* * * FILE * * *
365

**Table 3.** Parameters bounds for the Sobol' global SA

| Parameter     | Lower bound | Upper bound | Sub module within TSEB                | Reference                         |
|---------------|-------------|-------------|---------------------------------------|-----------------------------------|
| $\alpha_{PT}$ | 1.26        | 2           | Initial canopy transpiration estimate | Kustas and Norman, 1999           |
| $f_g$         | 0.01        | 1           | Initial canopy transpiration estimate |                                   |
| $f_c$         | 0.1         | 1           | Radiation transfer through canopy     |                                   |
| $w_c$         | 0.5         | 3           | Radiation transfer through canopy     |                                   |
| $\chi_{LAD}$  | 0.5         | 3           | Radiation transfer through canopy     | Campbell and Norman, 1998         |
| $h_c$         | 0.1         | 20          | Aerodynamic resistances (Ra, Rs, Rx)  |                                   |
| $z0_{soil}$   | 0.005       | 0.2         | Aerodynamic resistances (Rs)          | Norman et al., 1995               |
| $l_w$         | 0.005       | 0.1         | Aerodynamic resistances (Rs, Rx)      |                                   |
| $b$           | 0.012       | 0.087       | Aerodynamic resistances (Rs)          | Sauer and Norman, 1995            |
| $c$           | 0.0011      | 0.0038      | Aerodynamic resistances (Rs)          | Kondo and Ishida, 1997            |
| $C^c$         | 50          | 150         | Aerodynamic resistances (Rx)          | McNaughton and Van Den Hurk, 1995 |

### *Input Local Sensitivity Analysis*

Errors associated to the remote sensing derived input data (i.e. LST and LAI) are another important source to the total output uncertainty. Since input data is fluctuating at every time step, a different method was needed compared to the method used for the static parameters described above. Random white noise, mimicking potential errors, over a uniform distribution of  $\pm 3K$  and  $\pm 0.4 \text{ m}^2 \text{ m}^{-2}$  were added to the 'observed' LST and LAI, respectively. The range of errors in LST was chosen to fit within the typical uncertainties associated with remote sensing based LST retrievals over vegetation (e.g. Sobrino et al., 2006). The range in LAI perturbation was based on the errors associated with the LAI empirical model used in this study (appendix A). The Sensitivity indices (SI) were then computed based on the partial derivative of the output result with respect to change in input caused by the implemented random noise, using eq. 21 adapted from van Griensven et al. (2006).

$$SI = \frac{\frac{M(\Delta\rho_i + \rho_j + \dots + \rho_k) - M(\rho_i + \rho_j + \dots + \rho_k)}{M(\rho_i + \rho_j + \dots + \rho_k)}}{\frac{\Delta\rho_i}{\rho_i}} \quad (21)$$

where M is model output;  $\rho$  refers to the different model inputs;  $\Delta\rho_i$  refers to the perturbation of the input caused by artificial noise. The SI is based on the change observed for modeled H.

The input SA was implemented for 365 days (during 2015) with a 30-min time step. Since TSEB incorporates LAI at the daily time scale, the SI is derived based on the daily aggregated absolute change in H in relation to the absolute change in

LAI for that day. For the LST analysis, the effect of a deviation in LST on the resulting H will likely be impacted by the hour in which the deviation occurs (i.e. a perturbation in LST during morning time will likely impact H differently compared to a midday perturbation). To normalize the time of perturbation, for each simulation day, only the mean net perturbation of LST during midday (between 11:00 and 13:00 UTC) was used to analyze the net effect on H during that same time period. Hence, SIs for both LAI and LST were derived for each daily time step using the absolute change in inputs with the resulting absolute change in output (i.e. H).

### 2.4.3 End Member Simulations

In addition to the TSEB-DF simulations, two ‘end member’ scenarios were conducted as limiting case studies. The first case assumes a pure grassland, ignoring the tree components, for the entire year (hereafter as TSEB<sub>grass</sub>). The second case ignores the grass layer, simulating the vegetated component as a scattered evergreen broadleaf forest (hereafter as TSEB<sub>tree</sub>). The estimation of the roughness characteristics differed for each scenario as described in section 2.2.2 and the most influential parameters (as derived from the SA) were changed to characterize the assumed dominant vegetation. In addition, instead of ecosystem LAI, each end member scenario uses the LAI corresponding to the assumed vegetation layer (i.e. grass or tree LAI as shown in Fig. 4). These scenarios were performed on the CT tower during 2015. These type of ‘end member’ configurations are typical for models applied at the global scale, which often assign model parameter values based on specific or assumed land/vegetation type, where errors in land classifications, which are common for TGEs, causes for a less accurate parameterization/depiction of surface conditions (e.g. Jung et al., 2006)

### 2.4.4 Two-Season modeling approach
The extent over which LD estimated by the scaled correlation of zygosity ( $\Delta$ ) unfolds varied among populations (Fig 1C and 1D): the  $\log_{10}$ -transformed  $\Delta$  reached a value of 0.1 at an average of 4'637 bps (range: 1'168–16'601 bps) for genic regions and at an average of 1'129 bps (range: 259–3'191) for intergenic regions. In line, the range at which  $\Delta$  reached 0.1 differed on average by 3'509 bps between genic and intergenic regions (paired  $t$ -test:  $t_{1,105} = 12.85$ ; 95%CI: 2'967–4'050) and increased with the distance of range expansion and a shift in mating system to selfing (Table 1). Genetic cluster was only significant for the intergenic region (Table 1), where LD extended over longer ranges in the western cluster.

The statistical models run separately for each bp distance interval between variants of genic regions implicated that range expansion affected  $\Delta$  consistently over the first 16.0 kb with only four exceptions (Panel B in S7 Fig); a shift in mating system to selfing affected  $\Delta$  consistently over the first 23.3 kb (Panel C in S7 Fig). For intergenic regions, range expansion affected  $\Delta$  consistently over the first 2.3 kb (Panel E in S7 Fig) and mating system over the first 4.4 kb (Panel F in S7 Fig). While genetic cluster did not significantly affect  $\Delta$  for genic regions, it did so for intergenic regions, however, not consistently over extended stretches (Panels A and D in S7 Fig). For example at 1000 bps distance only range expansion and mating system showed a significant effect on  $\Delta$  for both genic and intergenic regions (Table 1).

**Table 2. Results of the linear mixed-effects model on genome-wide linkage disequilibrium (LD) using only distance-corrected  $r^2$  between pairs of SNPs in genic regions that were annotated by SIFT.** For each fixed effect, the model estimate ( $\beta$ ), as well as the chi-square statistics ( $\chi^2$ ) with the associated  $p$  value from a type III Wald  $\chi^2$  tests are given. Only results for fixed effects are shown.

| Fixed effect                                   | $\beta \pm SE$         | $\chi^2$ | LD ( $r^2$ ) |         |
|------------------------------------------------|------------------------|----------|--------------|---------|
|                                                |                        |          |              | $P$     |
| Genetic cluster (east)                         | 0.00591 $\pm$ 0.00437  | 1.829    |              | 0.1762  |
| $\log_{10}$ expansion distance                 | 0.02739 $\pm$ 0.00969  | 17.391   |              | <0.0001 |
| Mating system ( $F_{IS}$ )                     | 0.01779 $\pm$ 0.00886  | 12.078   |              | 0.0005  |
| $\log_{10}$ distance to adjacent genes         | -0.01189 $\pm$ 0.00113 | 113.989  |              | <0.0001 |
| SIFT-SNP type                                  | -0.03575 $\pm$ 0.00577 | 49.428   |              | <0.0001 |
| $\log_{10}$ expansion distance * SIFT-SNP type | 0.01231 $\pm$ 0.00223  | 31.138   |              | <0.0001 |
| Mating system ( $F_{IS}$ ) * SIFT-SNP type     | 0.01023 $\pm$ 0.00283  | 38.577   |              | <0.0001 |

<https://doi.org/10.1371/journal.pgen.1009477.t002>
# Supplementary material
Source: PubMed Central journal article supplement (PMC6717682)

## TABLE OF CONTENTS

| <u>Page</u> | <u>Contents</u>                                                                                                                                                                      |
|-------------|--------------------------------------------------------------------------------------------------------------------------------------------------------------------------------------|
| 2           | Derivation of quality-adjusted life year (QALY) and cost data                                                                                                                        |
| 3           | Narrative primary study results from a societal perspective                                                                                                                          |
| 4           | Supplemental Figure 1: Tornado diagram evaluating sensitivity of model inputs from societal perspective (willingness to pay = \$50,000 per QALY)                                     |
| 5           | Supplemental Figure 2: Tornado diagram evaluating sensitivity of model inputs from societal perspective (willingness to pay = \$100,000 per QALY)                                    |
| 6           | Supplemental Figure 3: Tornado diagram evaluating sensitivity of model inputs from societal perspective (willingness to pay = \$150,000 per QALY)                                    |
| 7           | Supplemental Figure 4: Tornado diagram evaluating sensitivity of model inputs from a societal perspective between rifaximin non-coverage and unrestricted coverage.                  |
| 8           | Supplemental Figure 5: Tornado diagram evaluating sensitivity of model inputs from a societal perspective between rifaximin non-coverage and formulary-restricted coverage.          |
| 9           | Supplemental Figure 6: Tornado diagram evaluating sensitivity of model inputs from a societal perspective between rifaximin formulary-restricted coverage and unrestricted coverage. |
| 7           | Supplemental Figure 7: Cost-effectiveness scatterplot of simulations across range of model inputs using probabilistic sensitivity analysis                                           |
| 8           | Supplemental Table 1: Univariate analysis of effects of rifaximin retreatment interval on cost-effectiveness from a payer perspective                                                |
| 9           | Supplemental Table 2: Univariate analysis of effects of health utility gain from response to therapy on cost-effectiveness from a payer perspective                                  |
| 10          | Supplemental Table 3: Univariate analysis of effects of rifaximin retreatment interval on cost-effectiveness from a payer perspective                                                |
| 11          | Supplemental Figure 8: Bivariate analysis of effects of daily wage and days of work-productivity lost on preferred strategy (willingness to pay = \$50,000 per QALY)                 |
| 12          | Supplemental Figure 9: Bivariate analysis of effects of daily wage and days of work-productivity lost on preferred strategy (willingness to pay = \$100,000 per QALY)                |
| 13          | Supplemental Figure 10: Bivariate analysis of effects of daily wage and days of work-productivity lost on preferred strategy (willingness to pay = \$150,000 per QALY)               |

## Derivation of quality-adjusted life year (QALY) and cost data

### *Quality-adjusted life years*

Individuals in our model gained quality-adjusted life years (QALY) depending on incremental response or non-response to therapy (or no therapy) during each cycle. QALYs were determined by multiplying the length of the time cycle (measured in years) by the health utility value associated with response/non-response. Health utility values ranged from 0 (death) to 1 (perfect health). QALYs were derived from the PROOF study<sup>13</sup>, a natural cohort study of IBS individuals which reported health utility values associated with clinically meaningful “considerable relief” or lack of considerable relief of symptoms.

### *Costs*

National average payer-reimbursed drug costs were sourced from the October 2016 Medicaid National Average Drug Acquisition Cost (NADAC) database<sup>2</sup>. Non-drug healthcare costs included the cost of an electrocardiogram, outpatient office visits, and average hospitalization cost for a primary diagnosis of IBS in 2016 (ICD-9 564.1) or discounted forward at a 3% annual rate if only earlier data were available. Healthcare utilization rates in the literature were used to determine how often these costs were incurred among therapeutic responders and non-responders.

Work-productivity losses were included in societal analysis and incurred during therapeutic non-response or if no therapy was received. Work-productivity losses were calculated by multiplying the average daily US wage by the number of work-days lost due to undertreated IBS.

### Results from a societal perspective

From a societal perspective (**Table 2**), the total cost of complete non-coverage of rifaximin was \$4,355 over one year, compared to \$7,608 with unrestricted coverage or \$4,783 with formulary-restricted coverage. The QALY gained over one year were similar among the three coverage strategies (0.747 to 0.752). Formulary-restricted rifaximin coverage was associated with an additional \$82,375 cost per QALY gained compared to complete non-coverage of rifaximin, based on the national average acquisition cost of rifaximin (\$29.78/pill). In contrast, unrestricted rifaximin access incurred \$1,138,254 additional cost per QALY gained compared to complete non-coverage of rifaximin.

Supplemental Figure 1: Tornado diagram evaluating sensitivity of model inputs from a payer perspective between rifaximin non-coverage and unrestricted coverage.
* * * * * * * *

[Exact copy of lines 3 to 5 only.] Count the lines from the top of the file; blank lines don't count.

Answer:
| Parameter     | Lower bound | Upper bound | Sub module within TSEB                | Reference                         |
|---------------|-------------|-------------|---------------------------------------|-----------------------------------|
| $\alpha_{PT}$ | 1.26        | 2           | Initial canopy transpiration estimate | Kustas and Norman, 1999           |